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Depilatory as Metaphor

<i>Caramel</i>, directed by Nadine Labaki. Photo Courtesy of Roadside Attractions.
Caramel, directed by Nadine Labaki. Photo Courtesy of Roadside Attractions.

Caramel, Dir. Nadine Labaki, Now Playing

Those of us dying for a decent woman’s film may now—at least temporarily—curtail our pining. Lebanese director Nadine Labaki’s Caramel unlaces the proverbial corset, breathing new life into what has become a disturbingly constricted genre. A good woman’s film (like a good tampon) is ideally made both by and for women. Making a good woman’s film entails posing the eternal question: What do women want? While this question is of course unanswerable, attempts to address it can lead to complicated, sensitive portrayals and gross oversimplifications alike. Labaki’s charming first feature does us some of the justice we deserve. Labaki’s women possess a formidable range of desires, from the lust for a good bikini wax to the forbidden longing for another woman.

Layale (played by Labaki) directs a slipshod beauty parlor in Beirut. An unmarried Christian twenty-something who lives with her parents, she is engaged in an illicit affair with a married man, and hopes in vain that he’ll leave his wife. Nisrine (Yasmine Al Masri), Layale’s partner and (Muslim) friend, has a legitimate (Muslim) fiancé, but fears he will notice she’s no longer a virgin on their wedding night. Divorcee Jamale (Gisèle Aouad) is menopausal and youth-obsessed: she competes with teenagers for acting jobs and gets a rush out of faking menstruation with food coloring. Meanwhile, Rima (Joanna Moukarzel), the salon handywoman and Lebanese sister to Shane from The L Word, finds she loves ladies but can only wash their hair.

Acts of depilation structure the film. The ongoing process of hair removal provokes a bittersweet combination of constraint and liberation, pain and pleasure. In the protected space of the beauty parlor women are free to let it all hang out—to expose their unwanted fur and stubble, have it ripped away by a sister in the struggle (someone who undergoes the same torture), and be soothed in the aftermath. To document Caramel’s most pivotal waxings and cuttings, Labaki’s camera moves in close, framing brisk hands at work and moist, attentive eyes. Her women feel each other’s pain, literally and figuratively. Labaki’s men are less empathetic. The one male character that wins our hearts (as well as Layale’s) does so by agreeing to have his eyebrows waxed and his moustache shaved off. Submission to depilation emasculates him, leading to a leveling between man and woman otherwise deemed impossible. In contrast, Rima’s love interest, a raven-haired beauty, agrees to part with her long black locks after Rima extols her gorgeous face. Delivered from her hair’s oppressive weight, she skips giddily home, emanating a post-orgasm glow.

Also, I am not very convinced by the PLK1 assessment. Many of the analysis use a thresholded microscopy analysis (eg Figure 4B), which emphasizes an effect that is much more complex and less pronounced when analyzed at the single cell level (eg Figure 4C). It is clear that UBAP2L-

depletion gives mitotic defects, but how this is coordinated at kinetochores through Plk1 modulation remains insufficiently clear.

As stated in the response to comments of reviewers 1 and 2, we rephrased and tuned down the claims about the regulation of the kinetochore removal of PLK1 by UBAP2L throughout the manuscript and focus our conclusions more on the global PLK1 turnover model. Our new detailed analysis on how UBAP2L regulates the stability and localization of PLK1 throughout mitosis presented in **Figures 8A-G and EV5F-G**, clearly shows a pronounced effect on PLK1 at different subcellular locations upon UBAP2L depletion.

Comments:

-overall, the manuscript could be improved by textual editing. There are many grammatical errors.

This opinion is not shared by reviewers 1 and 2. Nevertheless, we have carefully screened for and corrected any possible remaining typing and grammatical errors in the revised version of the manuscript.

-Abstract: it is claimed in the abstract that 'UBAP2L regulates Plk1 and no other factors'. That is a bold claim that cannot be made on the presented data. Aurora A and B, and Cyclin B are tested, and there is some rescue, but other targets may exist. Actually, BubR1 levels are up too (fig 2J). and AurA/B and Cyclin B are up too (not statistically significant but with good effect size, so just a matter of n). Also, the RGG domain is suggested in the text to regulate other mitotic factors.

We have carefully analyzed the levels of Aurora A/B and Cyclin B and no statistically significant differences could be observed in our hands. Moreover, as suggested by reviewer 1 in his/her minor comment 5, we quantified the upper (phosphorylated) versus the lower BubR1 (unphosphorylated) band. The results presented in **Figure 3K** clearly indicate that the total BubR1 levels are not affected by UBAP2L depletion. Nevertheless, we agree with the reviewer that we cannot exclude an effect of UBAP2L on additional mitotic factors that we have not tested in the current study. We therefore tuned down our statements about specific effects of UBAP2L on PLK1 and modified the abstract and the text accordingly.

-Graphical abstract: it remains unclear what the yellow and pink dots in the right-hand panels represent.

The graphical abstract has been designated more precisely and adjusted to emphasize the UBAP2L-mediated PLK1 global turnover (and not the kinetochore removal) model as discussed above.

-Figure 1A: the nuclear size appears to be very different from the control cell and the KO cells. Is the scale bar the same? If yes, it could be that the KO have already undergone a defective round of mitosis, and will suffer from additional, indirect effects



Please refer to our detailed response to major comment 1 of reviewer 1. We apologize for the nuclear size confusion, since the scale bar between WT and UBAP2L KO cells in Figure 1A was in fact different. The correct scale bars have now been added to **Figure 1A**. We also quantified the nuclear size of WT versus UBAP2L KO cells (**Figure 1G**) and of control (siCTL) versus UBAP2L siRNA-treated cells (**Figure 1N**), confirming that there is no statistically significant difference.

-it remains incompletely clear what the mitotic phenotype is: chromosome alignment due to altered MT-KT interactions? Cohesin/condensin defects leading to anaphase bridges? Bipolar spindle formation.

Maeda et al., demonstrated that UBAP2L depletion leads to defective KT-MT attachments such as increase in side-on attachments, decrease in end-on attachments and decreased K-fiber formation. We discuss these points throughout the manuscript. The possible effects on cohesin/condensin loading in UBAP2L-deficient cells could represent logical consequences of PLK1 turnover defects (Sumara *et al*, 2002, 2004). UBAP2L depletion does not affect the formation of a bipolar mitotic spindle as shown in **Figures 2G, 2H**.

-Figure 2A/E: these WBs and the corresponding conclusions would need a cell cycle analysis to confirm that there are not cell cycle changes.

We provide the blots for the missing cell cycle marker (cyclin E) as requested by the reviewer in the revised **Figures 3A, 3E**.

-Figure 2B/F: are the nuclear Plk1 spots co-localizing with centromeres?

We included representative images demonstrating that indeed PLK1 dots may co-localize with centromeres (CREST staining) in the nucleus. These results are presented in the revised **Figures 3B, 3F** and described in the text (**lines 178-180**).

In addition to its subtle yet powerful break with hetero-centrism, Caramel capitalizes on the performances of non-professional actors. Labaki, Al Masri and Moukarzel are so at one with their roles that their most minor facial tics become emotional signifiers. Aouad furnishes more of a caricature, but that makes sense, given her character’s palpable desperation. Adding more depth to the film’s exploration of modern femininity is the presence of Aunt Rose (Siham Haddad), who has devoted her life to caring for her crazy older sister Lili (Aziza Semaan). Rose believes herself too old for romance, and after entertaining a brief and unexpected possibility for love, resigns herself to spinsterhood. In this chronicle of compromise, there are no unequivocally happy endings.

The best scenes in Caramel feature Layale, Nisrine, Jamale and Rima hamming it up in concert. Each member of the Fab Four has her own unique appeal, but the group’s chemistry is explosive. Insults abound, followed by declarations of love. Layale and Jamale ridicule Nisrine’s bad French en route to the clinic where Nisrine hopes to get herself stitched up (and thus reclaim her virginity); Nisrine, Jamale and Rima comfort Layale after she has been stood up by assuring her the cake she’s baked for her boyfriend’s birthday is utterly disgusting and he wouldn’t want it anyway. Taking the piss is a survival mechanism in these parts, and makes the film damn funny to boot.

Caramel fulfills one of my core desires as a viewer and in life. The film welcomes me into a community of intelligent, witty, conflicted, sexy, mutually supportive women—a luxury, given the current backlash against anything remotely resembling feminism. That such a luxury hails from Lebanon is revealing. What does it suggest that the intricacies of Caramel—the product of a culture our own so often condemns as unerringly sexist—far eclipse the facile preoccupations of the contemporary American chick flick? When the complexity of Jane Austen’s Pride & Prejudice is reduced to the saccharine triviality of Bridget Jones’s Diary, I have to ask, “Did I shave my legs for this?”


Sarah Kessler

Sarah Kessler is currently completing her Master's in English at the University of Wisconsin. She will migrate to sunny Los Angeles after her defense.


The Brooklyn Rail

FEB 2008

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